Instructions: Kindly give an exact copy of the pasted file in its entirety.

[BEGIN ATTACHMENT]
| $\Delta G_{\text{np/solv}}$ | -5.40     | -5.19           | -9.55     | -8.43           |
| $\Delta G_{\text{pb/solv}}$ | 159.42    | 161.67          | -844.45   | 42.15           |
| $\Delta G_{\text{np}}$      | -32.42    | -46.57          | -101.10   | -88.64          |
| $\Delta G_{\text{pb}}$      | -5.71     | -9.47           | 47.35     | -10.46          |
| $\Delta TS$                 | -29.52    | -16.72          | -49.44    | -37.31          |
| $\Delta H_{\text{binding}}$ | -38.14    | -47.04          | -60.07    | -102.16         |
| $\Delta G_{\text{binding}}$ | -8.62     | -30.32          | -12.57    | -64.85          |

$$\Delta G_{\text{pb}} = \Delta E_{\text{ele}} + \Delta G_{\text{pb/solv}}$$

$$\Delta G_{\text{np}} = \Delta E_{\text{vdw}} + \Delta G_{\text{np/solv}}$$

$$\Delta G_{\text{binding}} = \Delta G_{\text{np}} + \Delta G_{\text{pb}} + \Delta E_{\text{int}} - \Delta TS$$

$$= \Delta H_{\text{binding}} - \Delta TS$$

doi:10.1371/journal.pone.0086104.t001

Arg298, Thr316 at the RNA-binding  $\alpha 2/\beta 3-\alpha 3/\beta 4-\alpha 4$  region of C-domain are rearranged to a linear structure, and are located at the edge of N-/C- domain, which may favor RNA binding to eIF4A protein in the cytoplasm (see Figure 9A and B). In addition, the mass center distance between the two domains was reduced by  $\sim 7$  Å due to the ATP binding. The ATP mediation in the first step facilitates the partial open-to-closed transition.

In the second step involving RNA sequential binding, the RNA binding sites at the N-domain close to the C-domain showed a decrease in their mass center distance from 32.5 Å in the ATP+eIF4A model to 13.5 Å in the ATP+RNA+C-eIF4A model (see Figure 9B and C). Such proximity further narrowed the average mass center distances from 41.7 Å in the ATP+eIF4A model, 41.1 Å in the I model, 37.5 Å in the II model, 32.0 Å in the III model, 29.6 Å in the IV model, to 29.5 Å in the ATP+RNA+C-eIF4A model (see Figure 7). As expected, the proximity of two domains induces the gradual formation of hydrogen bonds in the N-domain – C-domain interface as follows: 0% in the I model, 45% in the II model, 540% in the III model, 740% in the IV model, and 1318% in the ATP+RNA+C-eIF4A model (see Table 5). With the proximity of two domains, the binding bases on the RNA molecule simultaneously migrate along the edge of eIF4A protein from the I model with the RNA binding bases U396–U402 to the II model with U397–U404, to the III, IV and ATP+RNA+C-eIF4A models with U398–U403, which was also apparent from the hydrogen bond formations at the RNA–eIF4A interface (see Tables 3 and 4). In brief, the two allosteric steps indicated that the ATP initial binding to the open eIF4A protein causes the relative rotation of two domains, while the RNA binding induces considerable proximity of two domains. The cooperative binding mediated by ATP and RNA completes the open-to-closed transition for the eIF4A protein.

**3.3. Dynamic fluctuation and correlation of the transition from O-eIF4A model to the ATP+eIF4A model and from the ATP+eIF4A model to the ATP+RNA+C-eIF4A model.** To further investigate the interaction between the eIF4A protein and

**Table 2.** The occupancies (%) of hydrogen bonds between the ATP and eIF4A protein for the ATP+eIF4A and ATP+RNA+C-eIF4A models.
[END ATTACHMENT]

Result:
| $\Delta G_{\text{np/solv}}$ | -5.40     | -5.19           | -9.55     | -8.43           |
| $\Delta G_{\text{pb/solv}}$ | 159.42    | 161.67          | -844.45   | 42.15           |
| $\Delta G_{\text{np}}$      | -32.42    | -46.57          | -101.10   | -88.64          |
| $\Delta G_{\text{pb}}$      | -5.71     | -9.47           | 47.35     | -10.46          |
| $\Delta TS$                 | -29.52    | -16.72          | -49.44    | -37.31          |
| $\Delta H_{\text{binding}}$ | -38.14    | -47.04          | -60.07    | -102.16         |
| $\Delta G_{\text{binding}}$ | -8.62     | -30.32          | -12.57    | -64.85          |

$$\Delta G_{\text{pb}} = \Delta E_{\text{ele}} + \Delta G_{\text{pb/solv}}$$

$$\Delta G_{\text{np}} = \Delta E_{\text{vdw}} + \Delta G_{\text{np/solv}}$$

$$\Delta G_{\text{binding}} = \Delta G_{\text{np}} + \Delta G_{\text{pb}} + \Delta E_{\text{int}} - \Delta TS$$

$$= \Delta H_{\text{binding}} - \Delta TS$$

doi:10.1371/journal.pone.0086104.t001

Arg298, Thr316 at the RNA-binding  $\alpha 2/\beta 3-\alpha 3/\beta 4-\alpha 4$  region of C-domain are rearranged to a linear structure, and are located at the edge of N-/C- domain, which may favor RNA binding to eIF4A protein in the cytoplasm (see Figure 9A and B). In addition, the mass center distance between the two domains was reduced by  $\sim 7$  Å due to the ATP binding. The ATP mediation in the first step facilitates the partial open-to-closed transition.

In the second step involving RNA sequential binding, the RNA binding sites at the N-domain close to the C-domain showed a decrease in their mass center distance from 32.5 Å in the ATP+eIF4A model to 13.5 Å in the ATP+RNA+C-eIF4A model (see Figure 9B and C). Such proximity further narrowed the average mass center distances from 41.7 Å in the ATP+eIF4A model, 41.1 Å in the I model, 37.5 Å in the II model, 32.0 Å in the III model, 29.6 Å in the IV model, to 29.5 Å in the ATP+RNA+C-eIF4A model (see Figure 7). As expected, the proximity of two domains induces the gradual formation of hydrogen bonds in the N-domain – C-domain interface as follows: 0% in the I model, 45% in the II model, 540% in the III model, 740% in the IV model, and 1318% in the ATP+RNA+C-eIF4A model (see Table 5). With the proximity of two domains, the binding bases on the RNA molecule simultaneously migrate along the edge of eIF4A protein from the I model with the RNA binding bases U396–U402 to the II model with U397–U404, to the III, IV and ATP+RNA+C-eIF4A models with U398–U403, which was also apparent from the hydrogen bond formations at the RNA–eIF4A interface (see Tables 3 and 4). In brief, the two allosteric steps indicated that the ATP initial binding to the open eIF4A protein causes the relative rotation of two domains, while the RNA binding induces considerable proximity of two domains. The cooperative binding mediated by ATP and RNA completes the open-to-closed transition for the eIF4A protein.

**3.3. Dynamic fluctuation and correlation of the transition from O-eIF4A model to the ATP+eIF4A model and from the ATP+eIF4A model to the ATP+RNA+C-eIF4A model.** To further investigate the interaction between the eIF4A protein and

**Table 2.** The occupancies (%) of hydrogen bonds between the ATP and eIF4A protein for the ATP+eIF4A and ATP+RNA+C-eIF4A models.